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At his funeral a close friend remarked: “It’s been said a village cannot stand without its preacher. What now?”

Andrei Sakharov, physicist, so-called “father of the Soviet H-bomb,” three-time Hero of Socialist Labor, winner of the Order of Lenin, had in fact become a sort of father to the Soviet people when he died of a heart attack in Moscow at the end of 1989. A leading campaigner for human rights, Sakharov first came to the attention of many in the West during the early seventies as the slender, stooped figure with a tonsure of white hair who stood vigil outside Soviet courthouses while closed political trials were under way inside. In his last months, now a member of the Congress of People’s Deputies, Sakharov led the fight to repeal the article in the Soviet Constitution which granted a political monopoly to the Communist Party. When Russian voters went to the polls in early March 1990 to elect representatives to their parliament and local city councils, the New York Times reported that Sakharov’s memory was like “election-day magic, with many voters invoking his name to explain the qualities they wanted in their representatives, or to praise candidates who had been associated with him.”

Sakharov’s death could be viewed as a delayed result of the Soviet war in Afghanistan. For having condemned the invasion publicly and called for a boycott of the Moscow Olympics, the scientist was arrested in January 1980 and sent, without trial, into internal exile in the closed city of Gorky. Here he would spend the next seven years. In May 1984, despite poor health and his own history of cardiac problems, he started a hunger strike to obtain permission for his wife, Yelena Bonner, to go abroad for medical treatment. For two years thereafter the world heard nothing of Sakharov except from official sources. Subsequently, it was learned that Sakharov had suffered a stroke and nearly died from the effects of force-feedings administered at Gorky Regional Hospital. This episode probably did further damage to his heart and hastened his death last December 14 at age 68.

In late 1986 Mikhail Gorbachev made the famous telephone call to Gorky to notify Sakharov of the end of his exile, and over the next three years the relationship between the two men would be one of respect mixed with distrust. In December 1988 Sakharov gave Gorbachev a strong endorsement when he said: “I believe that he is an outstanding and sincere man who deserves trust and support.” Yet just days before his death, a more discouraged Sakharov—frustrated in his efforts to repeal Article 6—wondered whether the Soviet President was after all only “guided by tactical and unprincipled considerations.”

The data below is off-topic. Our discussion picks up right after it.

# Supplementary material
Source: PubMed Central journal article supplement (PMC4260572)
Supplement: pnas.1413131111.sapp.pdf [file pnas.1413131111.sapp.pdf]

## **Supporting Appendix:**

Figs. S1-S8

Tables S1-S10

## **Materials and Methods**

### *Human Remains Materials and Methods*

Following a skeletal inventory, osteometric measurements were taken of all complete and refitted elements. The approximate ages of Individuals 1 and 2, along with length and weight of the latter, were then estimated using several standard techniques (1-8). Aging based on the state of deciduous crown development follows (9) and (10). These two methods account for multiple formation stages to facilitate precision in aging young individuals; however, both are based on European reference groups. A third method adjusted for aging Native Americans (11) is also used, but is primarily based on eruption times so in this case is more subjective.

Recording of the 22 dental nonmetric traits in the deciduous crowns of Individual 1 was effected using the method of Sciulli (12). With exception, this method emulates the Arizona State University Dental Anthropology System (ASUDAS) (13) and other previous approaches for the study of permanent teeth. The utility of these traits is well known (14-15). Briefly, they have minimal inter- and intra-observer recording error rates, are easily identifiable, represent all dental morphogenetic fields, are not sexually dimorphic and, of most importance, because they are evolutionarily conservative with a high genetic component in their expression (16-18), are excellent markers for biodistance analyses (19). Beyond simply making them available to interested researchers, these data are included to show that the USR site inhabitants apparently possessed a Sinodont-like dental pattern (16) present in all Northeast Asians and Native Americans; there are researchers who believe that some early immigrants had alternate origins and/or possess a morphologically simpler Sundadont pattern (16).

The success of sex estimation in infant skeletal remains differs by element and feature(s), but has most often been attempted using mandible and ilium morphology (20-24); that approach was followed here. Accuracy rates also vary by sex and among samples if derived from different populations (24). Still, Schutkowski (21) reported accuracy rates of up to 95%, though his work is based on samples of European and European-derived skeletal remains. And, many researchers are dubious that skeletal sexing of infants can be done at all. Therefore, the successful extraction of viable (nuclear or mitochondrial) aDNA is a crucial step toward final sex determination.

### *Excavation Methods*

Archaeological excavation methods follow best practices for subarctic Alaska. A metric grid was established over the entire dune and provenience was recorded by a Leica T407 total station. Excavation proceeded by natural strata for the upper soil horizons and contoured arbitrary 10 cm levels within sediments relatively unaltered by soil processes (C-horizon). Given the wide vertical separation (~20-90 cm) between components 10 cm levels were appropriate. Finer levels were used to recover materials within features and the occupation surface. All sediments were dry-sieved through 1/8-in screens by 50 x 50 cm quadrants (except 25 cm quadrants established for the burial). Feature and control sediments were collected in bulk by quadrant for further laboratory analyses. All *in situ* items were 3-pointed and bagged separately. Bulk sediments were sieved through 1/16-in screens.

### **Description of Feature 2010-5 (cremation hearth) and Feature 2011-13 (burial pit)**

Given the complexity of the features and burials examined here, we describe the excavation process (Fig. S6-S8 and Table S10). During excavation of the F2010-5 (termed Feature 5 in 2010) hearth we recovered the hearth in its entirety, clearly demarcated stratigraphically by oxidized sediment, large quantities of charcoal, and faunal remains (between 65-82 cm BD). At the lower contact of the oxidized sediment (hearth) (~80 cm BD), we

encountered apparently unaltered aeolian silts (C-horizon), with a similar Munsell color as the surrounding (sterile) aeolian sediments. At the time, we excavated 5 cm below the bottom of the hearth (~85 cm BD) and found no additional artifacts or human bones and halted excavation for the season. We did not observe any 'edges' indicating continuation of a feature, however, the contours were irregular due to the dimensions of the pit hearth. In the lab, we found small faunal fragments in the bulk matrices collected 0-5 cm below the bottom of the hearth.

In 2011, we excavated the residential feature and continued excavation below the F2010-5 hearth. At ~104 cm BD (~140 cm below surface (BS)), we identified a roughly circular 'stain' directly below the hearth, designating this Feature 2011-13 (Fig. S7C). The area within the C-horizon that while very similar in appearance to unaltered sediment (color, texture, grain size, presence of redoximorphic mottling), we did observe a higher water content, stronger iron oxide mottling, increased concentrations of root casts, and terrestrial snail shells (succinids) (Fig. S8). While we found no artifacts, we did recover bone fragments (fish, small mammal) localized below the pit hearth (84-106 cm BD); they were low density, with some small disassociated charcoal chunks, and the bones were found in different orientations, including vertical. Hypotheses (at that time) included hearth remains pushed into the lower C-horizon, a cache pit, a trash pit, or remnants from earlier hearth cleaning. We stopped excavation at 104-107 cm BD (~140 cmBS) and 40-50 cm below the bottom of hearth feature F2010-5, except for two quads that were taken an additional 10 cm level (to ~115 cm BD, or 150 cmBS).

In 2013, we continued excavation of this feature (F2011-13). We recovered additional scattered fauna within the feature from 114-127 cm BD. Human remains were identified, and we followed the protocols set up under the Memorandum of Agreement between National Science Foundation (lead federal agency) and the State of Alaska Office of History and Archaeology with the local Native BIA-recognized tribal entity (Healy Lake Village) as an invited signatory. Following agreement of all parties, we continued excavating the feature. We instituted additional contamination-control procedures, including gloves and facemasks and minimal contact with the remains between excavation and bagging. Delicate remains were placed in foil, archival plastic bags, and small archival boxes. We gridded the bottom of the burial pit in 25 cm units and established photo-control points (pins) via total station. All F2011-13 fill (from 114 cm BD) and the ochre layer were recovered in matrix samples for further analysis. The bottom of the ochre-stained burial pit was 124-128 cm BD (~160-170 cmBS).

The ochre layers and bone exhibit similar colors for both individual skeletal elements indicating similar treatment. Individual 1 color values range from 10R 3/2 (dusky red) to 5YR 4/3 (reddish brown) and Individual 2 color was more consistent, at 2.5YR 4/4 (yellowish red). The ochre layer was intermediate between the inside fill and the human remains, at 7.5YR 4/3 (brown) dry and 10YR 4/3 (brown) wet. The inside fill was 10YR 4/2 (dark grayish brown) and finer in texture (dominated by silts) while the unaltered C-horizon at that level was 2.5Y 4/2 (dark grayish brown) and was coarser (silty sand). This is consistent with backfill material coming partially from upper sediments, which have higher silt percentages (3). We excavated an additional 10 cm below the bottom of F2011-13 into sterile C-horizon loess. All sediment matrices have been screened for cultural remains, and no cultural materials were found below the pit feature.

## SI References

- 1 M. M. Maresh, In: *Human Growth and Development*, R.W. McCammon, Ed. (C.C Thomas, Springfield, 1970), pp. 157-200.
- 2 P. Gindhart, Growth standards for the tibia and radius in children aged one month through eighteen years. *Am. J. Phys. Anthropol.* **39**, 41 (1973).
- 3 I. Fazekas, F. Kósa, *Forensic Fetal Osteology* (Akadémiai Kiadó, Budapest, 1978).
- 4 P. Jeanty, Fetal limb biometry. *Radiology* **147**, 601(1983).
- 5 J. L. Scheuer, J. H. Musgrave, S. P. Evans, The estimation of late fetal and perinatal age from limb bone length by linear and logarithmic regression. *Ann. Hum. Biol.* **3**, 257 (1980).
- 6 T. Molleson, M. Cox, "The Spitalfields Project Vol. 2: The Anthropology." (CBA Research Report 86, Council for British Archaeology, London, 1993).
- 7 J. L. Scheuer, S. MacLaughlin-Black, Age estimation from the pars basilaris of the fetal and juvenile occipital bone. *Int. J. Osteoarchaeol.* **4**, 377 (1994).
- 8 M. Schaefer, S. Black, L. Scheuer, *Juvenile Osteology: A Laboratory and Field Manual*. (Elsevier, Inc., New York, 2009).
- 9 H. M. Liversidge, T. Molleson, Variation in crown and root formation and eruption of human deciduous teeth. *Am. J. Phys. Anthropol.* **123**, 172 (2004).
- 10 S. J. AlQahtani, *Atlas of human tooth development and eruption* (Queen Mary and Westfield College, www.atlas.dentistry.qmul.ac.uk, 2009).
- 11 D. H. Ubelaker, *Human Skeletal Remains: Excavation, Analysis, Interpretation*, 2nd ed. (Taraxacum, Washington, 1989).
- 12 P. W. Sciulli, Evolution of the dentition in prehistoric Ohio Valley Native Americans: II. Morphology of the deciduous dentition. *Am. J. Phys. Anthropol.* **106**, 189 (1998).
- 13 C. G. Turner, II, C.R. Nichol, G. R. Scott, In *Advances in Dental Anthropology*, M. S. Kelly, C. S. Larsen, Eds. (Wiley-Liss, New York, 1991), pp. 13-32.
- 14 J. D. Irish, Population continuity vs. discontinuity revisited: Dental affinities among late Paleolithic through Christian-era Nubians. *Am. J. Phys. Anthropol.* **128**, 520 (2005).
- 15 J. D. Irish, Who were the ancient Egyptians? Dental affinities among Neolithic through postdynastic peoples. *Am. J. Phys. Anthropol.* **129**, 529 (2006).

Gorbachev for his part made no public speech of tribute to Sakharov, but he did visit his coffin at the Academy of Sciences, where he was heard to say, referring to the 1975 Nobel Peace Prize conferred on the physicist, “It is now clear that he deserved it.”

Partinost, the Russian word for “party spirit,” was alien to Sakharov. He was a person of permanent principles, not permanent enemies. He sought to base his positions on evidence and reason, and believed in the dignity of all men and women, whether political prisoners in Siberia or Politburo members in Moscow. An example of Andrei Dmitriyevich’s intellectual courage and independence was his opinion of Gorbachev. Although his support was always guarded and conditional in nature, it nevertheless provoked dismay in some quarters when the very symbol of the Soviet struggle for human rights gave a positive evaluation of the Communist Party General Secretary.

Sakharov’s most important writings dealt with the threat of nuclear war and the conditions for real peace between East and West. He strongly favored arms control negotiations, but his concept of peace did not embrace unilateral disarmament, either by the Soviet or American governments. Sakharov believed there were conditions in which it could be as dangerous for nations not to have weapons as to have them. He said as recently as November 1988: “Lack of balance is very dangerous . . . . The work which we did [to develop a Soviet thermonuclear weapon] was justified.” Earlier he wrote: “Balanced disarmament is extremely important; but this result cannot be achieved from a position of weakness.”

In the early eighties Sakharov shocked Soviet leaders by advocating from exile in Gorky that the U.S. deploy the MX missile. He believed the nuclear balance had moved decisively in favor of the USSR in the previous decade and that the powerful MX was needed to restore equilibrium.

If Sakharov worried at times about the encouragement to Soviet aggression fostered by America’s neglect of its deterrent, he also warned Americans against trying to “use the arms race to exhaust the USSR.” Such a policy would not only fail to achieve the intended political and economic collapse of the USSR, but would also bring to a stop any progress the USSR might be making toward democratization and liberalization. When Sakharov visited the U.S. in 1988, he criticized our Strategic Defense Initiative on grounds that it would accelerate the comparable Soviet program, would not significantly reduce the threat of nuclear attack, and ultimately posed a threat to perestroika.